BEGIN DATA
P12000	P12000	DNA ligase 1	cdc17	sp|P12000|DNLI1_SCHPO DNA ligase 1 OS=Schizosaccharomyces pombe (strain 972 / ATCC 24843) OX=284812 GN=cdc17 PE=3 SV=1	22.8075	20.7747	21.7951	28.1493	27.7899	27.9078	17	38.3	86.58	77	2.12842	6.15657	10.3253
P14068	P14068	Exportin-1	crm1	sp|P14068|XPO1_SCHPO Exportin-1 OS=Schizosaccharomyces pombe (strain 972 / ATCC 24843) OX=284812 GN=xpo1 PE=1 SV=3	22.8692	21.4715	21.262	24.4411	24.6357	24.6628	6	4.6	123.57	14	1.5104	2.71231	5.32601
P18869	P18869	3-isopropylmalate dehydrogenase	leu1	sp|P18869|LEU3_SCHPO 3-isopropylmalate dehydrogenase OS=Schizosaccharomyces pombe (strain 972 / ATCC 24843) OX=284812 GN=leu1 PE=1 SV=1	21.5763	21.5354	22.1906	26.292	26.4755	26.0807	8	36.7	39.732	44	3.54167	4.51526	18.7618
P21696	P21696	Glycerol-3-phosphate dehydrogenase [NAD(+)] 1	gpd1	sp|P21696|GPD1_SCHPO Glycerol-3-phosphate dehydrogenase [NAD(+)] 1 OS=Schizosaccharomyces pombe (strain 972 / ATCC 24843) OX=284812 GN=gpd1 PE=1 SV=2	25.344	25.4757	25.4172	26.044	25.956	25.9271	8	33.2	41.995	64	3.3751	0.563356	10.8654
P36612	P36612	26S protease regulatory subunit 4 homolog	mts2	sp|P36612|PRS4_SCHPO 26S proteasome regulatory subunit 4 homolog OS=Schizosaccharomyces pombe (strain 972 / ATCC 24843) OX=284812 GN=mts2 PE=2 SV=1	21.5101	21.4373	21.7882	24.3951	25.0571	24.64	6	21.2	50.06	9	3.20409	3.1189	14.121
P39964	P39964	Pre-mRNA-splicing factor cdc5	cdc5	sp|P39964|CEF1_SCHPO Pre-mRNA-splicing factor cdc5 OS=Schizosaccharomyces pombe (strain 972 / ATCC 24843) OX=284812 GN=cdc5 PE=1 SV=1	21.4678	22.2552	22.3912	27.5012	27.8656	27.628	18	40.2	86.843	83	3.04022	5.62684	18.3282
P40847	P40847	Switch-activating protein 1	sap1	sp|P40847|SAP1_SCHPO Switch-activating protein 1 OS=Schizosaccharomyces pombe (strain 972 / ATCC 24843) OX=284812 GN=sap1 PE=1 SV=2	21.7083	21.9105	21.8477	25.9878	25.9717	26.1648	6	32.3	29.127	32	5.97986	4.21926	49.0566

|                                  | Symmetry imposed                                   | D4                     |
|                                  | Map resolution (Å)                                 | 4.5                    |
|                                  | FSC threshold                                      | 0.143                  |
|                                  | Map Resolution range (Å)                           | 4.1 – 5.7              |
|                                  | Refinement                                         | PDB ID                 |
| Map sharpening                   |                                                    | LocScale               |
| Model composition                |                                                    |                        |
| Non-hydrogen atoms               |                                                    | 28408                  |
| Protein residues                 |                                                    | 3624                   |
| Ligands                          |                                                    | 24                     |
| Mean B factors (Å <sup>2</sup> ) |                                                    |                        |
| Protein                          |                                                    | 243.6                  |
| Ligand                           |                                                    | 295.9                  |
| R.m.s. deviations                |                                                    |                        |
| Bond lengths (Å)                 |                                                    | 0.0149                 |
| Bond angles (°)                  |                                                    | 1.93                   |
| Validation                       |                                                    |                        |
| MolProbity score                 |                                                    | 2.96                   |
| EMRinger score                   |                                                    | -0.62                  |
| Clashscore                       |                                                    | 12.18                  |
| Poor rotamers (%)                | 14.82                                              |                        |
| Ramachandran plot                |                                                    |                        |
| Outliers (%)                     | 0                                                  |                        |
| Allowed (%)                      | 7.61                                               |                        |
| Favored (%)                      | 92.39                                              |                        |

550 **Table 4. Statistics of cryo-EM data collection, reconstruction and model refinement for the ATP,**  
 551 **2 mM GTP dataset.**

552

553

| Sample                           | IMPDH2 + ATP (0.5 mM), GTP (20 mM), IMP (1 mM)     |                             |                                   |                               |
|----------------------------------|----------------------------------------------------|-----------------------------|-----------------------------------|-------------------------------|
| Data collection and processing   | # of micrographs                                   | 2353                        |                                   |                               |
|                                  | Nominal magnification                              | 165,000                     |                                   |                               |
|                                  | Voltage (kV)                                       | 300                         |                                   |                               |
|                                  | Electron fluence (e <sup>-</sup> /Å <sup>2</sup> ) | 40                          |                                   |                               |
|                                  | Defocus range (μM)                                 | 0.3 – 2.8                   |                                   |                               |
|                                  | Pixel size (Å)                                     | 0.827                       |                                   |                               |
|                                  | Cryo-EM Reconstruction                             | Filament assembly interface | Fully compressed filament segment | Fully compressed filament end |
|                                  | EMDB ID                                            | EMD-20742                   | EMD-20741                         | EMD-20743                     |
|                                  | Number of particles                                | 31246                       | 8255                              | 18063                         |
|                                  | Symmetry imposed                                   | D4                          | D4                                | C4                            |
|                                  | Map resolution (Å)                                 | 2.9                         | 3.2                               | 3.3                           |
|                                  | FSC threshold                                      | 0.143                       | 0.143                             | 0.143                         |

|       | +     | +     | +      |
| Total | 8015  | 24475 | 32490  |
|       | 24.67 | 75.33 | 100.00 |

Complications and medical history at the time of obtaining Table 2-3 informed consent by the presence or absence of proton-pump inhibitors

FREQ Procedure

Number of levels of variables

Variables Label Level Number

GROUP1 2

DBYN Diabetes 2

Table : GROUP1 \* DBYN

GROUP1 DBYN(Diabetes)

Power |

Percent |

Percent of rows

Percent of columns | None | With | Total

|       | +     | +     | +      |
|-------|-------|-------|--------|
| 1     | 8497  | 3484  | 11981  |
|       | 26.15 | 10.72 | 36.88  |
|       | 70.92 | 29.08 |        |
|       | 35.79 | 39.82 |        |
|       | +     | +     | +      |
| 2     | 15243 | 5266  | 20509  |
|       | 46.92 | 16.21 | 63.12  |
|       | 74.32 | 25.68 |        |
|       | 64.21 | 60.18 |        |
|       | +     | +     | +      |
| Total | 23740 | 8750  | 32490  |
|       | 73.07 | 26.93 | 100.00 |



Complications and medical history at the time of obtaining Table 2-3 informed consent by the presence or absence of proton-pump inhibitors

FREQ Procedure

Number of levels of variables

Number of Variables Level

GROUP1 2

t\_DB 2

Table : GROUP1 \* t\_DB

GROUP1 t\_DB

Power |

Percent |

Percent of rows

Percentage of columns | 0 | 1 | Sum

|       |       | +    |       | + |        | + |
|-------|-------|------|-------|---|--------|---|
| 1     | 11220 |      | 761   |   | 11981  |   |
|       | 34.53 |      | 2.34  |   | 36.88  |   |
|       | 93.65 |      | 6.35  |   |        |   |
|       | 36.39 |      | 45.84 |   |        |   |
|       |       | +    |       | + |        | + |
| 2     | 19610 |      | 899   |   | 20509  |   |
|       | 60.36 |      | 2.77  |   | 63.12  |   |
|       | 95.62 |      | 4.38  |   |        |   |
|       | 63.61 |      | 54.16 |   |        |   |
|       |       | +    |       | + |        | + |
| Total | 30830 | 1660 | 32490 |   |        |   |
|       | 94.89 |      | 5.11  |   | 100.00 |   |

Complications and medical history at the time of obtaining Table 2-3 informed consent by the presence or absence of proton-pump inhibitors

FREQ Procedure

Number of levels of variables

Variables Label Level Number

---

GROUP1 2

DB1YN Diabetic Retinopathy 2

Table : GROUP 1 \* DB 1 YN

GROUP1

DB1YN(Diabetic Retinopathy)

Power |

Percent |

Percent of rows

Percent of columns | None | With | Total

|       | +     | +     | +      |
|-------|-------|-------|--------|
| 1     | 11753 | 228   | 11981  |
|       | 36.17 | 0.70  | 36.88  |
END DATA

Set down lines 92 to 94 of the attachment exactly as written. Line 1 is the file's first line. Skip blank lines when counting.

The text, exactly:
|       |       | +    |       | + |        | + |
|-------|-------|------|-------|---|--------|---|
| 1     | 11220 |      | 761   |   | 11981  |   |